Hiromasa Yonebayashi brings his experience to Studio Ponoc in an enchanting story that is simple and beautifully animated. Mary and the Witch’s Flower follows Mary as she moves to her Great Aunt’s estate and discovers the secret world of magic and fairytale in the sky. While I was enamored by the visuals and details in the animations, the story was perfect for children in that it was easy and predictable.
The film starts off strong, with a witch escaping with stolen goods and being pursued, and is set up nicely for the rest of the film. At this point, I decided to make some predictions and see if they came true. They did. Like I said earlier, this is a great film for children, but the predictability lost me despite my interest in the animation and world. I think they created a solid base for their story arc but they didn’t do much to further it from classic stereotypes and it became a story I’ve seen a hundred times. It wasn’t enough to get me to stop watching, however, it didn’t keep my undivided attention for very long.
I started the film with the default dubbed version, which was a big mistake. The voices sounded strange and weren’t a good fit for the characters, and it didn’t help that I wasn’t expecting weird British accents. I say weird because even my British flatmate was put off from their voices, thankfully it was an easy fix to switch it to japanese. I can handle having to read subtitles, not bad english dubs. Also, the names and spells just sound so much better in Japanese. I don’t think I could have sit through a movie with terrible, rhyming spells and obvious names.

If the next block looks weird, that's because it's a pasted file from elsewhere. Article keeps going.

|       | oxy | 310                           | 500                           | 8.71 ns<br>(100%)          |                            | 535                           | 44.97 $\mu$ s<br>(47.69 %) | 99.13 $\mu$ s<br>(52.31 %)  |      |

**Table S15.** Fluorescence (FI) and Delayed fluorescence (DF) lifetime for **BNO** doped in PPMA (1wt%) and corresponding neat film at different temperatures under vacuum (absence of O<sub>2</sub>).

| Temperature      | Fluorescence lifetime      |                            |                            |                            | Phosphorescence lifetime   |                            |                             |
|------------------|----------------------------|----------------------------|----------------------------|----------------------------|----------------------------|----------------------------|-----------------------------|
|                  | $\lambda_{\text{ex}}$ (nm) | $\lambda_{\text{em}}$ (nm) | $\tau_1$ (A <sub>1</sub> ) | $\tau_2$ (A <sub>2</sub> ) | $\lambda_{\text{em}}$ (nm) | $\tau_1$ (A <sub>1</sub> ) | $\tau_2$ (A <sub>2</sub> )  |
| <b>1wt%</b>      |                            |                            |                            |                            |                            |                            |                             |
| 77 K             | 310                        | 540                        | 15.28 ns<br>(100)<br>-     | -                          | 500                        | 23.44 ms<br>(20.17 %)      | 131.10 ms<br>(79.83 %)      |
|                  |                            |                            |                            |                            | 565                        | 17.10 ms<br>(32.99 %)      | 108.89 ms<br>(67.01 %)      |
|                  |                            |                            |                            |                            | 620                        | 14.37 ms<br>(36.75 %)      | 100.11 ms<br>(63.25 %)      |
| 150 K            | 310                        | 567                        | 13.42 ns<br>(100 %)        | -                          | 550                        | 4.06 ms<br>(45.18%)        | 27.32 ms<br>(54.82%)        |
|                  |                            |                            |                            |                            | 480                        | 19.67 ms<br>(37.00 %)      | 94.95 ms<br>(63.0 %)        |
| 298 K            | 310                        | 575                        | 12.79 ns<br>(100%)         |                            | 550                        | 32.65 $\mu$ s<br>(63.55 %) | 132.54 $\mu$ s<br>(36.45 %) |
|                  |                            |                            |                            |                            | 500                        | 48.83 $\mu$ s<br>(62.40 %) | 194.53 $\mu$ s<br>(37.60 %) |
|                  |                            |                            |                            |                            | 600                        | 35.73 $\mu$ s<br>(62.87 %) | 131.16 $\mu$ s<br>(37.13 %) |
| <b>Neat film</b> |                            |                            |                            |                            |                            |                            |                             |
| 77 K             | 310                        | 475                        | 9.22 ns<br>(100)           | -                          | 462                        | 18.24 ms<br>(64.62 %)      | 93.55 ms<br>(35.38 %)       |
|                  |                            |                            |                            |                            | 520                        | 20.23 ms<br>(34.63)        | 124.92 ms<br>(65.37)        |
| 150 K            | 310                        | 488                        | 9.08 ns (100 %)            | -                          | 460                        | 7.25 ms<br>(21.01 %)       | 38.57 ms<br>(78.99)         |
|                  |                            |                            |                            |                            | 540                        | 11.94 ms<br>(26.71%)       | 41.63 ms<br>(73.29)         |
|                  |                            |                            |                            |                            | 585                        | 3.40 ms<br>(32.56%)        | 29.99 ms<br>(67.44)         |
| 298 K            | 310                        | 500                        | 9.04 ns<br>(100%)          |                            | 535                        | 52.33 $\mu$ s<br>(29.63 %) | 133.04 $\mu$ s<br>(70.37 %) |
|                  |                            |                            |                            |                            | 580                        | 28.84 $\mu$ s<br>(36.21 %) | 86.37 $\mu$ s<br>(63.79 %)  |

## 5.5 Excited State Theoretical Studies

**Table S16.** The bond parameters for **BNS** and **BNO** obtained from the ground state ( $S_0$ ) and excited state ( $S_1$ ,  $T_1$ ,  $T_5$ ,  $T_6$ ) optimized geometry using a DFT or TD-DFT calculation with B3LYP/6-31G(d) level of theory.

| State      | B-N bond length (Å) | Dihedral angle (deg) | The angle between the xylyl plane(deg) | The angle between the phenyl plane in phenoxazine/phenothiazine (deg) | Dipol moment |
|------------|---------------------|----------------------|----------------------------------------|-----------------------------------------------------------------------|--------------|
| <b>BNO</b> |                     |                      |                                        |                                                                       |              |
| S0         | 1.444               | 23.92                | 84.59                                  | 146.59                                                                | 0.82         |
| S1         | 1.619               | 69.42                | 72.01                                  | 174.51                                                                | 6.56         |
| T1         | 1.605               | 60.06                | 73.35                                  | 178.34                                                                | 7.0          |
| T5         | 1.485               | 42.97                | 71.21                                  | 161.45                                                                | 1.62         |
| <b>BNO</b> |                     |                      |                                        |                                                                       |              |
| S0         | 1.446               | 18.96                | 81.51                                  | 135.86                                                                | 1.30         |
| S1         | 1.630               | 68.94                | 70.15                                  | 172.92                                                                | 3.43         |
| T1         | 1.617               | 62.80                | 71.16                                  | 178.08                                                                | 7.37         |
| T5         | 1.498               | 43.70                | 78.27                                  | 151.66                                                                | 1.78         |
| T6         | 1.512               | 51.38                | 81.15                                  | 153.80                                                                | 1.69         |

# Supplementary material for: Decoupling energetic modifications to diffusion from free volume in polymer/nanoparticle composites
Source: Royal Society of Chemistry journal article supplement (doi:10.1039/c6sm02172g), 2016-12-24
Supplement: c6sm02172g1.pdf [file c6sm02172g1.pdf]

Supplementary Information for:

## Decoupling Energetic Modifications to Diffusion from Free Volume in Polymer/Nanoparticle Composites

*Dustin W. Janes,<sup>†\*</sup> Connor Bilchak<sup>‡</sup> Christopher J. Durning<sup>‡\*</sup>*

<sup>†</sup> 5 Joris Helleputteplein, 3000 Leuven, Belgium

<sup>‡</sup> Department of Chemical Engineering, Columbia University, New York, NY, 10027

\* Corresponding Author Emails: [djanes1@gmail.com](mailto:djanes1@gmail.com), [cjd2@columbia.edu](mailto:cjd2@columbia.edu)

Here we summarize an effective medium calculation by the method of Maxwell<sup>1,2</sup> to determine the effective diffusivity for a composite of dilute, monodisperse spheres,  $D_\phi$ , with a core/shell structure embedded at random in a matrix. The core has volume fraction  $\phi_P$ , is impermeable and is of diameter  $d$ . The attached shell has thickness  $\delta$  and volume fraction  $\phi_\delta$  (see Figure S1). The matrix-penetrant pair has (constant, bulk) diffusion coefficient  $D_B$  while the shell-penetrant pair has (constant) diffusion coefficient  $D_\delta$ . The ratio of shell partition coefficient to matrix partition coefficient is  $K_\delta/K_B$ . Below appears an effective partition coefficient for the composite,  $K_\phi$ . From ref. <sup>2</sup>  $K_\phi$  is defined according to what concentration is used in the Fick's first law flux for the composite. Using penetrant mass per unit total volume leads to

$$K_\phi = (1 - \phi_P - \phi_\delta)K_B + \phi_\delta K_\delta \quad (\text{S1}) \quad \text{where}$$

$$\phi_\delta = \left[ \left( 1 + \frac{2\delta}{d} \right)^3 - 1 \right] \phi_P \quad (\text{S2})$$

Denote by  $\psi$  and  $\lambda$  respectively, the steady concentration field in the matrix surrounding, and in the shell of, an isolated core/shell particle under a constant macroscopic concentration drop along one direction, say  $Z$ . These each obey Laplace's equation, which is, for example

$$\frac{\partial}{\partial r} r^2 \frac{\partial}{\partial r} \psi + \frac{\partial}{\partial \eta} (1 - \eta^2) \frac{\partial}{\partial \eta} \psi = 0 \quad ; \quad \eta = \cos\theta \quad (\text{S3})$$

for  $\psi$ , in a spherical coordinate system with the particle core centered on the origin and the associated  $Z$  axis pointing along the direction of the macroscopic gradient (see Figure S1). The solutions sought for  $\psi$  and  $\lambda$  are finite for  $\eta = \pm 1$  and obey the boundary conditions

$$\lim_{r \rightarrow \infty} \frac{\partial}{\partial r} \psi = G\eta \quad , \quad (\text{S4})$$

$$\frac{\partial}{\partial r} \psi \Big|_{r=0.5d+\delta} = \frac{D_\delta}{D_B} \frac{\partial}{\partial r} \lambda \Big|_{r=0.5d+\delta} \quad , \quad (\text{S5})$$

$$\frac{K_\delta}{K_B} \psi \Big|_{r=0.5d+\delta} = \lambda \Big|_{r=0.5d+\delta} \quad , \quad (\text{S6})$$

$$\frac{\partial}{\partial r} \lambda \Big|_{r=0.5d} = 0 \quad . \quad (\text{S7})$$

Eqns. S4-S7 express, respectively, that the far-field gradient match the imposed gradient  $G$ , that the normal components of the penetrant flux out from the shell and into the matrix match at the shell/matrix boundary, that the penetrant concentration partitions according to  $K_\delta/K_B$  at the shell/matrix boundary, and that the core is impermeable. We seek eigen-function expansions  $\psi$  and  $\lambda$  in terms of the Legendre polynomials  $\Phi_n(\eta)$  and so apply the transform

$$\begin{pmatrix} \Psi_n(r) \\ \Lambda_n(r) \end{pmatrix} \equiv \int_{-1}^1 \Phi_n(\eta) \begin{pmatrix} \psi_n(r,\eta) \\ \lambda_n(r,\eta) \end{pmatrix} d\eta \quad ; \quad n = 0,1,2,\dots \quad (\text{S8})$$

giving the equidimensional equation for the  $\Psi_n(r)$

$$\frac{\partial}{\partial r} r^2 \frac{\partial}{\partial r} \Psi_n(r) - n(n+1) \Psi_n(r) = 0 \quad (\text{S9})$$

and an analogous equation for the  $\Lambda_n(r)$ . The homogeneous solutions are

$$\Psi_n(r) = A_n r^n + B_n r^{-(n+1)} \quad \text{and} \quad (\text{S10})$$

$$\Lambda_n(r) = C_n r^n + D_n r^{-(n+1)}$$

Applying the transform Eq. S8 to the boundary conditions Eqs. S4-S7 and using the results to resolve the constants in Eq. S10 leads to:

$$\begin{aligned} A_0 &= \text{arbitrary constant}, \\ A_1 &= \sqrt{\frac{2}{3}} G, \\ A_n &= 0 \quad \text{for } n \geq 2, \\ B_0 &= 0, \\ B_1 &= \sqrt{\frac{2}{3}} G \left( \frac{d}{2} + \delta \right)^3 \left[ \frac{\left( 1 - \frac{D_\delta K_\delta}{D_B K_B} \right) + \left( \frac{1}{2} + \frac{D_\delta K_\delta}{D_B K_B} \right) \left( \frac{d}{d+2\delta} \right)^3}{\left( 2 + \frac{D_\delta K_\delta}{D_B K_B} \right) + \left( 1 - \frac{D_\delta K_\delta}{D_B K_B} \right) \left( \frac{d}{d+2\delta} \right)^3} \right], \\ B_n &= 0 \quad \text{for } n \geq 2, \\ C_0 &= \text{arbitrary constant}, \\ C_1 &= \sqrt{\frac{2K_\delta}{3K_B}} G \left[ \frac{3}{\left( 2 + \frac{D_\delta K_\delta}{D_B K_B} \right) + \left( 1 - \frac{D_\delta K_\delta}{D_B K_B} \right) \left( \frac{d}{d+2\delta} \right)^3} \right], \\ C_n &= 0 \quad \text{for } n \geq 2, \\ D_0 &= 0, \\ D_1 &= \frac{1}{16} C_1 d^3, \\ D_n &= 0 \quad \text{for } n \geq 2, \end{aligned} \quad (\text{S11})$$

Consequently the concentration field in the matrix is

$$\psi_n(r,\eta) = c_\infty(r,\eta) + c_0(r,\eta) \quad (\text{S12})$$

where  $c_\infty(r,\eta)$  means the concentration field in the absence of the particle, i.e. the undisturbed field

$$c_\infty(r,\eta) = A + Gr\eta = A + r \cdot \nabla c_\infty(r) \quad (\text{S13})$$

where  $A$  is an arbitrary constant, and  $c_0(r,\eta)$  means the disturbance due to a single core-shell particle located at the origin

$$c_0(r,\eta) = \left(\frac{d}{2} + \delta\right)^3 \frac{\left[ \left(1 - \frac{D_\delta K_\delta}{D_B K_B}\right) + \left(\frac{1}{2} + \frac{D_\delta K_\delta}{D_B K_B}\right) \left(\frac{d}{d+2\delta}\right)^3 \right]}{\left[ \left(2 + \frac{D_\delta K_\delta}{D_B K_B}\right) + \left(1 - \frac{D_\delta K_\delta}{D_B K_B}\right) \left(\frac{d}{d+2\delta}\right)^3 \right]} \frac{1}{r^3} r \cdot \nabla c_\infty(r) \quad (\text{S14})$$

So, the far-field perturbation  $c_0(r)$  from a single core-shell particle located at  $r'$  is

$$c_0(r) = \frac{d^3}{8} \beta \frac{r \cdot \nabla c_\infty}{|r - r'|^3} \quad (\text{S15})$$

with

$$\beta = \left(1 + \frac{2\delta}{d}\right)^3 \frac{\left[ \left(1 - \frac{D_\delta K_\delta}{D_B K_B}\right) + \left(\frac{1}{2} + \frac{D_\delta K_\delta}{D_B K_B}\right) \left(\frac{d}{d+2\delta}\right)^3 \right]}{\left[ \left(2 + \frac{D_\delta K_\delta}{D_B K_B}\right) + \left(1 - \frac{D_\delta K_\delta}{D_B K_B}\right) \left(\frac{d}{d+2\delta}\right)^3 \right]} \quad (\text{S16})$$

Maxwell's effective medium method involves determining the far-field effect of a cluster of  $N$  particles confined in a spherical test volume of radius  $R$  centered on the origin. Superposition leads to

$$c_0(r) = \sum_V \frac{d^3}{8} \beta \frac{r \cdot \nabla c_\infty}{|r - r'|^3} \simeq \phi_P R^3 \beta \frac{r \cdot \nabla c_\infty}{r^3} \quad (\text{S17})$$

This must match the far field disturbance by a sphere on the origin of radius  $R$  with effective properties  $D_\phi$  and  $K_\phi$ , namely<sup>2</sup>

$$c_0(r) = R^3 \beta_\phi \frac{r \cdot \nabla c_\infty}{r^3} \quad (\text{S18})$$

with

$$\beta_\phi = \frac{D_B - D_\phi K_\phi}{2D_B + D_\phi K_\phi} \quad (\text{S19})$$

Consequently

The character of Mary, and how they chose to represent her, was very typical. She was another new girl who thought she knew better than people who had lived there their whole lives and paid the consequences for it. She basically lies her ass off throughout the start of the film, enjoys the praise and response, so she lies her ass off some more. I will admit though, something I enjoyed about Mary was her actions at the very beginning, she came across as a kind, energetic, yet clumsy girl who only wanted to help those around her. Mary was lonely, without any friends or her parents and I think that if they had explored that and showed that vulnerability throughout the movie, it would have greatly helped the story and her character arc.
The aspect of this film that will get me to watch it again, is the animation. I am a massive fan of animated films (beyond and including Disney and Dreamworks) and Mary and the Witch’s Flower is a film I would like to revisit just to study the animation style and the world itself. Another thing I enjoyed, and realised was rare, was the incorporation of science. It didn’t become a film where there were ancient rituals and things like electricity were ignored, rather they were incorporated and used as a type of magic that enhanced their world.
Aside from it’s stunning animation and the incorporation of magic and science, Mary and the Witch’s Flower is an overall mediocre film with more potential as a children’s film. A positive though, is that it’s manageable for adults. That may not seem like a positive, but I doubt you’ll hear parents complaining quite as much if Mary and the Witch’s Flower is the movie that their kids get hooked on.